Such drillings were, of course, accidental, but the Spaniards also used the Japan Current in the old days of sail. Every year for 250 years, from 1565 until 1815, the big, round-hulled Manila galleons with their broad sails and decks high on prow and stern returned to Mexico by this route from their annual journeys to Asia. Laden with 1,00 tons of Chinese silks and other treasures from the Orient, they sailed north from the Philippines as far as the fortieth parallel or farther to catch the current, followed it to the American coast (approximately at the present-day Oregon-California border), then continued on their way to Acapulco.
The third—and the most remarkable—quality of Hwui Shan’s story is the way in which his descriptions of the people and the places he visited correspond with the North Pacific route and with what is known about America at that period. For example, he wrote: “The Land of Marked Hodies is situated 7,000 li [2,300 miles] northeast of Japan. Its people have marks [or stripes] on their bodies like wild animals. In front they have three marks. If the marks are large and straight they belong to the upper class, but if the marks are small and crooked they belong to the lower class.” This distance and direction indicate that the Land of Marked Bodies must have been in or near Alaska. Now hear what Bancroft, the historian par excellence of our Pacific states, says of Alaskan traditions: “At Point Barrow the women have on the chin a vertical line about half an inch broad in the center, extending from the lip, with a parallel but narrower one on either side of it, a little apart. Some have two vertical lines protruding from either angle of the mouth … a mark of their high position in the tribe.”
But it is above all Hwui Shan’s description of the Land of Fusang that fascinates scholars. “That region has many Fusang trees,” he said, “and these give it its name. The Fusang’s leaves resemble those of the T’ung, and its first sprouts are like bamboo shoots. The people of the country eat them. The fruit is like a pear but reddish. They spin thread from the bark and make coarse cloth from which they make clothing and from it they also make a finer fabric. The wood is used to build houses and they use Fusang bark to make paper.”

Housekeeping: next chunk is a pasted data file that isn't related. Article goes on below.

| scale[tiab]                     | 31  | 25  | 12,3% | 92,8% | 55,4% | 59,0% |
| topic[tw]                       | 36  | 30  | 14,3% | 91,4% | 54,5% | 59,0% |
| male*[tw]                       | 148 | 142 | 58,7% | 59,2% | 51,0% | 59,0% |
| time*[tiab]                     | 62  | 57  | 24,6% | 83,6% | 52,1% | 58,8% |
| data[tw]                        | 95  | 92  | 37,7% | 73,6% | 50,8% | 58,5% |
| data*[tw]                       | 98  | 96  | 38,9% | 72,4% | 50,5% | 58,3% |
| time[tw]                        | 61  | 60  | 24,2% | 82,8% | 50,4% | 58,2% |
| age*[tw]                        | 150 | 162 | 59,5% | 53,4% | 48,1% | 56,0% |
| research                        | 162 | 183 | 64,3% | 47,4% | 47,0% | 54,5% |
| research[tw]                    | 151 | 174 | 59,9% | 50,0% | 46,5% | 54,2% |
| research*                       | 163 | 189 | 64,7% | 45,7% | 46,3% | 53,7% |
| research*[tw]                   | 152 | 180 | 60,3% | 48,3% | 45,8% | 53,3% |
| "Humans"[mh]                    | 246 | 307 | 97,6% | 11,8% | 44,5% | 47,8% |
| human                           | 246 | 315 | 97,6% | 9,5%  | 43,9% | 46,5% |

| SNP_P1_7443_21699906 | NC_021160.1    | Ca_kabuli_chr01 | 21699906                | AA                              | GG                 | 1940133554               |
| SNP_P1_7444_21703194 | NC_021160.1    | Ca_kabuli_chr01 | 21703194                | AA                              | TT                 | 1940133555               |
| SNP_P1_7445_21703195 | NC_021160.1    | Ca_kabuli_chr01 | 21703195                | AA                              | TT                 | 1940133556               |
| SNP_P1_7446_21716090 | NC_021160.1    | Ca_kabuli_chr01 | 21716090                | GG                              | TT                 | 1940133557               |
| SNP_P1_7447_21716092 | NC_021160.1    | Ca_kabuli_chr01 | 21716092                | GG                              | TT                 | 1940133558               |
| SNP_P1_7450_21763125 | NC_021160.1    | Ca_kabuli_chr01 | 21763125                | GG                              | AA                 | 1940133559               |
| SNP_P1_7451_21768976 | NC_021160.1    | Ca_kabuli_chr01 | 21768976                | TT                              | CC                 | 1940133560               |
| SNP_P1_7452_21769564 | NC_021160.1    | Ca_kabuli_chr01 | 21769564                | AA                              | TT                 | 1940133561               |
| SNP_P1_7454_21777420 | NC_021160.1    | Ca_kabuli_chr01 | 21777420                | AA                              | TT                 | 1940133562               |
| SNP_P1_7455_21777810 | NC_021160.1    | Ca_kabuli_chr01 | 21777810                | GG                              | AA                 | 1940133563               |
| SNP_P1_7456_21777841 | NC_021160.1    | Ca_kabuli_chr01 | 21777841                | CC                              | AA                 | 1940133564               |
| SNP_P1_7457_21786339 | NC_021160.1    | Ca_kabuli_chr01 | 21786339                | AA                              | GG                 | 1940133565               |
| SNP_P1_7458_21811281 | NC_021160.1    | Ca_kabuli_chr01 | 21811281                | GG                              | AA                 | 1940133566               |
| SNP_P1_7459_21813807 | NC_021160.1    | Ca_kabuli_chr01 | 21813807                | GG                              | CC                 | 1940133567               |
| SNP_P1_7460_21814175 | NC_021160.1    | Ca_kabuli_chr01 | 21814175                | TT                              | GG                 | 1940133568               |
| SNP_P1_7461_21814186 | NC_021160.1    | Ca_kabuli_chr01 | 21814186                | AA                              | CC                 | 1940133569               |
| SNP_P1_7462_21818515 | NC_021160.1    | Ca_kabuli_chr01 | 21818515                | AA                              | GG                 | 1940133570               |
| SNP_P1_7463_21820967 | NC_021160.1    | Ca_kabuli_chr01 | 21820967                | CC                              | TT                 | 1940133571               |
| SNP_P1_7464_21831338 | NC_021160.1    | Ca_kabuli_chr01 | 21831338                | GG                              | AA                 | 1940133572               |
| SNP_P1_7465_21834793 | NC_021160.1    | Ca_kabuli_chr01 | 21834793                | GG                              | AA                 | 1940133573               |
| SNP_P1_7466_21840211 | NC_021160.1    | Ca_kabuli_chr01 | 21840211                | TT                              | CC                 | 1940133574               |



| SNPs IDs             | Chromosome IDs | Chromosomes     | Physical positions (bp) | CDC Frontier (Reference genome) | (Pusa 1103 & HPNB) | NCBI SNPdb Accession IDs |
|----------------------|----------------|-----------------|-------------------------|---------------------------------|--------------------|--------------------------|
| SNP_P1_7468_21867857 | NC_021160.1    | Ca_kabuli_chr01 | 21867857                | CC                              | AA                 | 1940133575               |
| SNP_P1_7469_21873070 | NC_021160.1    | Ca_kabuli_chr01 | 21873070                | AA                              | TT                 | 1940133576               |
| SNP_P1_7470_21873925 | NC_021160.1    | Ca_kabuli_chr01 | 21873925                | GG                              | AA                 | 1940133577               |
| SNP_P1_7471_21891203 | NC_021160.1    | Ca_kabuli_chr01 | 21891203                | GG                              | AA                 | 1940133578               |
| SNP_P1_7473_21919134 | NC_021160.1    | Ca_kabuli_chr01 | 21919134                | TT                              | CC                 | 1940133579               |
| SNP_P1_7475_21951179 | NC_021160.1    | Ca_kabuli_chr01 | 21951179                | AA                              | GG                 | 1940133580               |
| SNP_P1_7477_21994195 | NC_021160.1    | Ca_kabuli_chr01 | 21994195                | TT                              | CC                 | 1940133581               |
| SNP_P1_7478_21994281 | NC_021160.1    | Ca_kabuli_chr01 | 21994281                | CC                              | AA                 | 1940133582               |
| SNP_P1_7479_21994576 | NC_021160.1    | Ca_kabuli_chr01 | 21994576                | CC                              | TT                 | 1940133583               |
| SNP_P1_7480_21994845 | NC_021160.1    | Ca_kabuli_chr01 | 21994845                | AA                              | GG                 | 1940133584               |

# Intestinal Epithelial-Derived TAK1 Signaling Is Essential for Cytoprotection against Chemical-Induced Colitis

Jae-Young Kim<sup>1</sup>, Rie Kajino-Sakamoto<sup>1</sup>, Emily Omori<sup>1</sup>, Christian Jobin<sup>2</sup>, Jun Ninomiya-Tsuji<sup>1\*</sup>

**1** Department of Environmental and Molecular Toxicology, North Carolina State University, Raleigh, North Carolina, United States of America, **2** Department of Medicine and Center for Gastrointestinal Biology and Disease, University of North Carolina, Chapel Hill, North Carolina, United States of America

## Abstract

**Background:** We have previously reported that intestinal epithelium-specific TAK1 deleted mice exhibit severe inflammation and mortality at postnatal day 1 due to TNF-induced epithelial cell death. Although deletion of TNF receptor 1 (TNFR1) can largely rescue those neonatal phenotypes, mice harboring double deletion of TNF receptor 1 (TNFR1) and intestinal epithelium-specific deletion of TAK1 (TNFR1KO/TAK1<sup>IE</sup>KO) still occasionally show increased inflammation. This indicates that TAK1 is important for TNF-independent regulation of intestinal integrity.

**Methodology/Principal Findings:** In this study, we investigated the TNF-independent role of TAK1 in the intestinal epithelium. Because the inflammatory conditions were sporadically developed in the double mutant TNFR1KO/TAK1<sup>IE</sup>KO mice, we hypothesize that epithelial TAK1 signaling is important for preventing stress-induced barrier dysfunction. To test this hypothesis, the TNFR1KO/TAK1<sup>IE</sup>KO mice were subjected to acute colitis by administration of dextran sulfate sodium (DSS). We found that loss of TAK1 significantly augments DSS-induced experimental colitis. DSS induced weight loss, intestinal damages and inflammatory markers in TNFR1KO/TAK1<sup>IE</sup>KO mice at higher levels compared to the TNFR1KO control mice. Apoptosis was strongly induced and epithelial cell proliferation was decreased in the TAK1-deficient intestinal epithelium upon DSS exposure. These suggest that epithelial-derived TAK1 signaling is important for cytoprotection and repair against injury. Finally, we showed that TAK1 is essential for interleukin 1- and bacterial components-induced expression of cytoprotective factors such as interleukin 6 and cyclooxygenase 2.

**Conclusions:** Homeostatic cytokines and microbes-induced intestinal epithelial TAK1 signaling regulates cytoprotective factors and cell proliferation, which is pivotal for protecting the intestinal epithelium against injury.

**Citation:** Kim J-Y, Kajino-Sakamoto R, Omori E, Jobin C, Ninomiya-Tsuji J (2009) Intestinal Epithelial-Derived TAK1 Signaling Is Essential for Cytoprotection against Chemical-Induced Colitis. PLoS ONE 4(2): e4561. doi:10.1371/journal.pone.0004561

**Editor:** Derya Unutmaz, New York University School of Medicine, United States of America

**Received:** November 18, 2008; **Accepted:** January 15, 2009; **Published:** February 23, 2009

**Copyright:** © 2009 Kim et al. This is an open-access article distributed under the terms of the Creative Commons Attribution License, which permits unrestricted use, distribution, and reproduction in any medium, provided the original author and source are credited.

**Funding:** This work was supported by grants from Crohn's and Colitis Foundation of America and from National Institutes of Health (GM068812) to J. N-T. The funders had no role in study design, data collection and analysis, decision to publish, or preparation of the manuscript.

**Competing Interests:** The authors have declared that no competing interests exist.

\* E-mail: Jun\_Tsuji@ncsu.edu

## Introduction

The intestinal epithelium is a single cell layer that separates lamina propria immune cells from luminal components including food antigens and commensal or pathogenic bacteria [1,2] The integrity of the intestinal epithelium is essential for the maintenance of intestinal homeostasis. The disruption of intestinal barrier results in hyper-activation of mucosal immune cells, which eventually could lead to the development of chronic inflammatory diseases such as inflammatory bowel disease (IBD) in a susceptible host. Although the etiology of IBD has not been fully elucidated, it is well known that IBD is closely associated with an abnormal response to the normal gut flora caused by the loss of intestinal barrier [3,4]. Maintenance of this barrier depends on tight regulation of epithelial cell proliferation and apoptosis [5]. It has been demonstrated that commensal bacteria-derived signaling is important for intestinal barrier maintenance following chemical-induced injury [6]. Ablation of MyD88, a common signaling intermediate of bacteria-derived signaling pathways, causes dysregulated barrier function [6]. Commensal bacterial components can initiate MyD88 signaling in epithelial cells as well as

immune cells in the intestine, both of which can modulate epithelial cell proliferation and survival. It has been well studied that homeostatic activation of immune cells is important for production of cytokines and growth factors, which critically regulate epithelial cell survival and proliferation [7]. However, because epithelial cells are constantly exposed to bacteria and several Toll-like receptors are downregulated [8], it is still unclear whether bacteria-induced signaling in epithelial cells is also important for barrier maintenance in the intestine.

“ Mexico ,” writes Professor Charles E. Chapman, “means the land of the century-plant , just as ‘Fusang’ was named for the ‘Fusang tree.’ In no other country in the world is there a plant put to such uses as those described by Hwui Shan. … The sprouts of the century-plant do resemble those of the bamboo and the people do eat them. The plant does furnish a rough sort of thread from which a kind of hempen cloth is made and also a fine variety resembling linen. Furthermore, paper is made from … the fibre.” He might have added that the century plant, or maguey as it is called in Mexico ( genus Agave in Latin), is often described by travellers as a tree. As residents of our southwestern states are aware, it sends up a tall, branching, beautifully flowered, candelabralike stalk that often reaches a height of thirty feet. It was widely cultivated in regular groves in ancient Mexico, its trunk being used for the beams and rafters of build. ings and its broad, flat, waterproof, cactuslike leaves for the walls and roofs. On his return to China, Hwui Shan presented the Emperor with three hundred pounds of “silk” from the Fusang tree and also gave him “a kind of semi-transparent stone, about a foot in circumference, cut in the form of a mirror,” a curious item that sounds exactly like one of the polished obsidian (volcanic glass) mirrors used by the ancient Mexicans.
“They have a system of writing,” his report continues. “But they have no fortresses or walled cities, no military weapons or soldiers and they do not wage war in that kingdom.”